Conversations about artificial intelligence (AI) and jobs often revolve around the reallocation of tasks and skills as society prepares for the 2.3 million new jobs AI will create by 2020. However, AI’s impact transcends manual tasks. The strategic, high-level skills of business leadership are also set for disruption.
For many leaders, the changes have already begun. Today’s more innovative leaders are preparing now to work alongside AI in order to redefine leadership. With the emergence of new roles — some that are still being defined — leaders are leaning on AI to ask questions that weren’t previously economical to answer, as well as questions they didn’t even know how to ask.
What common leadership practices are likely to change? Here’s a look at some common management practices in the path of AI’s disruption:
The Org Chart
Companies of all sizes and industries rely on org charts to map roles and responsibilities, with the goal of defining roles and promoting task delegation across various lines of business. Tasks are then dispersed to the proper department, with the chart serving as the catalyst to find voids in existing roles or map roles effectively across departments. Org charts have also historically been used as tools to guide career development, with professional progress often measured in terms of “moving up the org chart.”
Digitalization is diminishing the value of org charts as tools for understanding how work is done in a company. Relationships and roles in modern companies are not as rigid as the straight lines of an org chart would have you believe. People work cross-functionally, with little thought to formal reporting relationships. Similarly, using org charts to guide career development no longer makes sense for most professions. Lateral moves are becoming just as important as upward moves to career development, if not more so.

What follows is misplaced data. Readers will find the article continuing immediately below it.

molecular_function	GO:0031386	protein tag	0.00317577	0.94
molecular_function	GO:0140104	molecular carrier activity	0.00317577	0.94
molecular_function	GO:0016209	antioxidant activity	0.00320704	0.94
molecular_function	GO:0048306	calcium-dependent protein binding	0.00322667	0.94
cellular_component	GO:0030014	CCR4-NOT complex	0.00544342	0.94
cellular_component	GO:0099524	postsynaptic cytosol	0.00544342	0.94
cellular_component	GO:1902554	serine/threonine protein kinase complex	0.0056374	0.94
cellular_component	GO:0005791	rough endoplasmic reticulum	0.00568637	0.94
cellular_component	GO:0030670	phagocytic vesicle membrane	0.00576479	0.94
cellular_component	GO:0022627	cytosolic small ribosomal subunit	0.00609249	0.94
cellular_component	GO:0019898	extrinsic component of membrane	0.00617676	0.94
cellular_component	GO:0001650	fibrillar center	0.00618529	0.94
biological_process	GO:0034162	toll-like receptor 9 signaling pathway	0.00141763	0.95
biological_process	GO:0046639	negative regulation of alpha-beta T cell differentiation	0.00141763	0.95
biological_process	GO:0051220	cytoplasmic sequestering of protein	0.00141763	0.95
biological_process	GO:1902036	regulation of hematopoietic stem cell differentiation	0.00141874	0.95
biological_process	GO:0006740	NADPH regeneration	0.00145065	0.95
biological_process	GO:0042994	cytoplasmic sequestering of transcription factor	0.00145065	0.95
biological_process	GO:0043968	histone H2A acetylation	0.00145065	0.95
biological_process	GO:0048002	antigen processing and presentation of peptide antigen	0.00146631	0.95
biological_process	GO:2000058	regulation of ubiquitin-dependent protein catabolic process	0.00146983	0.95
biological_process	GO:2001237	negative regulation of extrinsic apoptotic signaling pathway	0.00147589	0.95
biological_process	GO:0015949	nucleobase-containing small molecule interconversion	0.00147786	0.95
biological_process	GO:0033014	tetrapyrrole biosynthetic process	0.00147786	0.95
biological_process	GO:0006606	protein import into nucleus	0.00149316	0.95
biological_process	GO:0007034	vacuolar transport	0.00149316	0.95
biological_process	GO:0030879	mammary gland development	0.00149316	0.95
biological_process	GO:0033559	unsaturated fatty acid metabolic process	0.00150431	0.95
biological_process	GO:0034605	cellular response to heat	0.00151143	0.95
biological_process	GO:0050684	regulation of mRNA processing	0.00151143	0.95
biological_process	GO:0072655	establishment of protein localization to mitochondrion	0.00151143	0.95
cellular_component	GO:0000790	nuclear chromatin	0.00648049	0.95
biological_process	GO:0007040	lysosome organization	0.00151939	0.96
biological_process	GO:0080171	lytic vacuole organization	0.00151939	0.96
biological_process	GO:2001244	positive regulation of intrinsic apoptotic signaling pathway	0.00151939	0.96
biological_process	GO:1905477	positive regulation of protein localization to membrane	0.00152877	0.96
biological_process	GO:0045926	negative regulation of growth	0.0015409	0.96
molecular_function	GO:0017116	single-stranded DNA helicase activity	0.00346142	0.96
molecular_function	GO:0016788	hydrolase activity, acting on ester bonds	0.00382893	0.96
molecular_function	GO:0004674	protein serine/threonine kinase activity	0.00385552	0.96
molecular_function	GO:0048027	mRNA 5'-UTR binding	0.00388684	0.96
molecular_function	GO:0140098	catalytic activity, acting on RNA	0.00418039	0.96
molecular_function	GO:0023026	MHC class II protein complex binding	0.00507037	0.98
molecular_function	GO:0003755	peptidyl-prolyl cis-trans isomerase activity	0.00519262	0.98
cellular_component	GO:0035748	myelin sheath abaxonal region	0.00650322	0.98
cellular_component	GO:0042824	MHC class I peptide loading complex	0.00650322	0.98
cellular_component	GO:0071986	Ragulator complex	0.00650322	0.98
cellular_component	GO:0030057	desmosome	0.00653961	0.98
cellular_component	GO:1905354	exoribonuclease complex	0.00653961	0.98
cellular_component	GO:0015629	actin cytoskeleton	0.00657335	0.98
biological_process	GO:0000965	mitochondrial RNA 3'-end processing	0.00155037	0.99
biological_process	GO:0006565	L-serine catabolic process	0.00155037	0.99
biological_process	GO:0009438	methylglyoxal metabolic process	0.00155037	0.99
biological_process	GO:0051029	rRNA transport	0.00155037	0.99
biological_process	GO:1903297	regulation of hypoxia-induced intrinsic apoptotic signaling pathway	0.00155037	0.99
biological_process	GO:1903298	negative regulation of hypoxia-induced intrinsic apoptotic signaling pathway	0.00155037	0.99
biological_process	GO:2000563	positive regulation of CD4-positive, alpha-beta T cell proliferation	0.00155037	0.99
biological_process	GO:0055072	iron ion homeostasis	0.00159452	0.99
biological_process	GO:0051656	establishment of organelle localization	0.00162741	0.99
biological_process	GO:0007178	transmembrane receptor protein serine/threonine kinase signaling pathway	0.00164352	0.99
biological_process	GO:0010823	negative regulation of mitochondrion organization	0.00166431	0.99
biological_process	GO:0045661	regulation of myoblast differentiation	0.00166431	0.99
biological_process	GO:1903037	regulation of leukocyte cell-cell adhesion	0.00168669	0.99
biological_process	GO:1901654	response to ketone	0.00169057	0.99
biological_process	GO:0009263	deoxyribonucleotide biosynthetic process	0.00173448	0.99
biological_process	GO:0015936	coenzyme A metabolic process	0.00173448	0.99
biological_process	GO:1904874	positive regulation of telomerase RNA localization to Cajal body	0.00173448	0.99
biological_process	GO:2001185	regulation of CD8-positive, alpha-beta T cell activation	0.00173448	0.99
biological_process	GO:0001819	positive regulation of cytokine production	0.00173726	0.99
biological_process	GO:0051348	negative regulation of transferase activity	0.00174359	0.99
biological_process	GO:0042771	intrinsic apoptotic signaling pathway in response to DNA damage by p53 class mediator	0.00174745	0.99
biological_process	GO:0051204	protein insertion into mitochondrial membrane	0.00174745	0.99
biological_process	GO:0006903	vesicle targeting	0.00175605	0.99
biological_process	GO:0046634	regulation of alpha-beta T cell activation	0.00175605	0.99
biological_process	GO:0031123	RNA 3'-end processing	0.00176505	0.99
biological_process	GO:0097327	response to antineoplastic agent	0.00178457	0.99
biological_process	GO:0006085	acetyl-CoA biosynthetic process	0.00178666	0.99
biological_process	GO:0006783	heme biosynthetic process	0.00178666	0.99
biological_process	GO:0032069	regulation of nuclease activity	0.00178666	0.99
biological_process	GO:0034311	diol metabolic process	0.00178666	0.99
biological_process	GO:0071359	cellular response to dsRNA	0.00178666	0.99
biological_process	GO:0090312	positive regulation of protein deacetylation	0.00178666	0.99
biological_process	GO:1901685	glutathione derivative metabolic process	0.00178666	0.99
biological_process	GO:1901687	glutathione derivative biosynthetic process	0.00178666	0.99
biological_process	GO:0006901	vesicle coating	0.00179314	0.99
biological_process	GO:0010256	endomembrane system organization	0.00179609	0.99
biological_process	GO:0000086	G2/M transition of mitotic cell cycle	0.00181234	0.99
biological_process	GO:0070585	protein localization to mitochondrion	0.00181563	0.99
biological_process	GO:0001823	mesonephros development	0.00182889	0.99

With the right data, AI can be used to gain a better understanding of how work is done in a company where the org chart no longer means what it once did. AI can map out which employees have the greatest impact and where there may be talent gaps. AI is also proving useful in helping employees identify what job moves — lateral, upward, or otherwise — are likely to have the greatest benefit for their long-term career growth.
People will always be the crux of any company’s success, as there is no replacement for creativity and interpersonal collaboration. However, AI can help equip a company’s people to perform at their best. Specifically, AI will redefine the staffing and hiring process by providing the answers to questions such as, “What training does this employee need to get to the next level?” AI can also help leaders identify when it’s better to look for external talent and when a promotion or internal candidate would be best.
Additionally, AI can help leaders enter new markets more seamlessly, as AI can inform leaders whether a geographical area’s talent and business conditions offer a viable opportunity for expansion. These same data points help leaders understand how to best staff a location and compare salaries by region.
Leaders must treat artificial intelligence the way they treat new employees entering the company: trust them a little bit at a time, watch the outputs, and coach/adjust as they go. Leaders should understand that AI is not a magic elixir to fix all problems, and blind trust can create algorithmic bias or lead to systems without the oversight necessary to ensure the algorithms perform optimally.
However, with trust and time, AI will have a positive impact. Those leaders who are open to exploring new technologies and willing to test new processes will be most successful.
Today, the C-suite is morphing into the “solution suite.” Gone are the days when leaders could solely rely on gut instincts to make key business decisions. Leaders who learn to work alongside AI, using it as a tool to support but not replace traditional leadership decision-making, will thrive.
Steven T. Hunt is senior vice president of human capital management research at SAP SuccessFactors.